ASSOCIATION BETWEEN BASELINE CARDIOVASCULAR RISK AND INCIDENCE RATES OF MAJOR ADVERSE CARDIOVASCULAR EVENTS AND MALIGNANCIES IN PATIENTS WITH PSORIATIC ARTHRITIS AND PSORIASIS RECEIVING TOFACITINIB
Authors: Kristensen LE et al
The goal of the present analysis was to study baseline CV risk and metabolic syndrome and their association with MACE (major adverse cardiovascular events) and malignancies. Data from tofacitinib studies from the Phase 3 clinical trial program for PsA (n= 783) and PsO (n= 3663) were analysed. Exposures were 2038 PY for PsA and 8950 PY for PsO and the median duration of exposure was 3 years for PsA and 2.4 years for PsO. At baseline, 40.9% of PsA and 32.7% of PsO patients had a metabolic syndrome. A history of coronary artery disease was recorded in 5 and 2.5%. The incidence rate of MACE was highest in patients with PsA and PsO with baseline history of coronary artery disease and a high baseline 10-years atherosclerosis risk profile. Malignancies occurred more frequently in patients with a higher cardiovascular risk profile.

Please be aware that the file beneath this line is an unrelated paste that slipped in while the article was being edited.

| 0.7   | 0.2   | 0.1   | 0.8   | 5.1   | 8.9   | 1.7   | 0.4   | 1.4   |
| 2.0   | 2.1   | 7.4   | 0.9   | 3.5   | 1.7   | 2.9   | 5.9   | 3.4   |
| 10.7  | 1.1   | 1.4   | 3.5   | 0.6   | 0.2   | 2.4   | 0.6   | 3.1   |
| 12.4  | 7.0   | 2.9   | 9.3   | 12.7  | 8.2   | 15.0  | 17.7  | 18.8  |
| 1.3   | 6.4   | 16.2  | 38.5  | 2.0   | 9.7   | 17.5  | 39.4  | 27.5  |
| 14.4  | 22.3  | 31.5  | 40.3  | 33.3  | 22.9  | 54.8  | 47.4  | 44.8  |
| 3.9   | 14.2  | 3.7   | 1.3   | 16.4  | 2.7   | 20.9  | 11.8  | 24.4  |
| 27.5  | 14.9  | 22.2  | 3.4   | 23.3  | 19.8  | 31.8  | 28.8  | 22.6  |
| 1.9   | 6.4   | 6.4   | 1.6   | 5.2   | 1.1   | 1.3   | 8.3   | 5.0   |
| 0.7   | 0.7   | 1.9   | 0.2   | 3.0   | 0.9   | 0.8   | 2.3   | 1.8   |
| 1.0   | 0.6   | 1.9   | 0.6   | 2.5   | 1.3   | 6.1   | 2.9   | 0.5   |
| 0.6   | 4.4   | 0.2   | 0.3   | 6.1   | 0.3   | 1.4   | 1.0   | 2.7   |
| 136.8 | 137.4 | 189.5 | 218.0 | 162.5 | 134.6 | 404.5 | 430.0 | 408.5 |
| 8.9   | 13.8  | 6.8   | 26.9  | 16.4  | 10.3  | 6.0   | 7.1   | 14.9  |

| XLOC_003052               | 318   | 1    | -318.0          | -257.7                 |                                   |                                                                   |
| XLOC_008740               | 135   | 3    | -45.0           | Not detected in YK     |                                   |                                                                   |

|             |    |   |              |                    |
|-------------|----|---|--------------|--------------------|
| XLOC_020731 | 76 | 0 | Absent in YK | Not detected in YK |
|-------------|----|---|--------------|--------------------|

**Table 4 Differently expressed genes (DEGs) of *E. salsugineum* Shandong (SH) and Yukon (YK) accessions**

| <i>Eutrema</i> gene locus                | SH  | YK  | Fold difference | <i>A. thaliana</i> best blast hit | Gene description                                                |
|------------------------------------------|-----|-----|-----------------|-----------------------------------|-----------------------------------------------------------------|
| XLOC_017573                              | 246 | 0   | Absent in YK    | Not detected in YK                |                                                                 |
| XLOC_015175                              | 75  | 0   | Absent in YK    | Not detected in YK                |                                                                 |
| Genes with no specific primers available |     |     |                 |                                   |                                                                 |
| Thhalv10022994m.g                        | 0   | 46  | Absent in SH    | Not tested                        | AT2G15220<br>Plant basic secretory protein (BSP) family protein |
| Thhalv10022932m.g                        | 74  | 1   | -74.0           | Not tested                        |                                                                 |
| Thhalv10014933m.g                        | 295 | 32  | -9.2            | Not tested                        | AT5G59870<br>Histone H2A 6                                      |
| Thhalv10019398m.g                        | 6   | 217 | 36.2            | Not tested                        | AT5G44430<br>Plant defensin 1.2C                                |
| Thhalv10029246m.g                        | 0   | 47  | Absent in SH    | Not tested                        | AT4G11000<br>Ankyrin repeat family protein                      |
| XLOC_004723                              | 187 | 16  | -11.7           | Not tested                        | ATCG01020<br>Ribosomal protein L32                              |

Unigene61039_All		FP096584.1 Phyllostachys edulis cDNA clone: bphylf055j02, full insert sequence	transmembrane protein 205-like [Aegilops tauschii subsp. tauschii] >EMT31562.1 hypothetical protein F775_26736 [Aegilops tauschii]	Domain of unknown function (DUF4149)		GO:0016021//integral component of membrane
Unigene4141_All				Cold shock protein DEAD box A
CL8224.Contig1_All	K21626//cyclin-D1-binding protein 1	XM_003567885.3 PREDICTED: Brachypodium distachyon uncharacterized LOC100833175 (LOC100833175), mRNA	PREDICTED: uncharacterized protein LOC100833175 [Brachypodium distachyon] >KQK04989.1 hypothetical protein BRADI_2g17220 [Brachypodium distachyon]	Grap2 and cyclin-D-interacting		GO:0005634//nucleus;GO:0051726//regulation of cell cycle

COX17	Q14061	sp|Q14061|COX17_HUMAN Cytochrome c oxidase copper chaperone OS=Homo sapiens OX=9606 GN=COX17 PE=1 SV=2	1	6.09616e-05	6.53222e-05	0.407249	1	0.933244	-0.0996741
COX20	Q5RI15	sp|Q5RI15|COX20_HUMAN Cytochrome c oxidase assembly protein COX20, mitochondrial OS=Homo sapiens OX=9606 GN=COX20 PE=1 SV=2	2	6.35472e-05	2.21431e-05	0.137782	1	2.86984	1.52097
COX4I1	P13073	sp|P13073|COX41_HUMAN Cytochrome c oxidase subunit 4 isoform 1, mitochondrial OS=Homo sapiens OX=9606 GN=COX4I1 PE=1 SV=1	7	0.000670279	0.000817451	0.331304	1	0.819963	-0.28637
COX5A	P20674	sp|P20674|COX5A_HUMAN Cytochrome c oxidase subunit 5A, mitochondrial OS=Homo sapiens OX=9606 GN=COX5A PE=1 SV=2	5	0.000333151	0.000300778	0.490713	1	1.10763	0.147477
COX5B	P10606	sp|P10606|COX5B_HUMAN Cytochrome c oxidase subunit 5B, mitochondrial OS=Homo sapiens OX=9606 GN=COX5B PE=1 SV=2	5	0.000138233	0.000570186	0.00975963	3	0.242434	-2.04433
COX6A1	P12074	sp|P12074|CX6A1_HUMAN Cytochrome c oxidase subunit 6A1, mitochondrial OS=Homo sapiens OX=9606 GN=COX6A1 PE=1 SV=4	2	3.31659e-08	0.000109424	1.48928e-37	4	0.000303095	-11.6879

Is it the disease, the comorbidities, a specific drug or drug class? A significant number of ab-stracts at this year’s EULAR are dealing with these questions. Therefore it is of interest to analyse PsA and PsO data from the clinical phase 3 trial program with tofacitinib with a specific focus on this aspect. The findings that a higher cardiovascular risk at baseline is associated with an increased risk for MACE and malignancies seems to be similar to the conclusions drawn from the ORAL SURVEILLANCE study. In conclusion, cardiovascular risk should be assessed and monitored in PsA patients and patients be monitored for malignancies. These data suggest that cautious use of tofacitinib in PsA and PsO patients with additional CV risk factors seems warranted.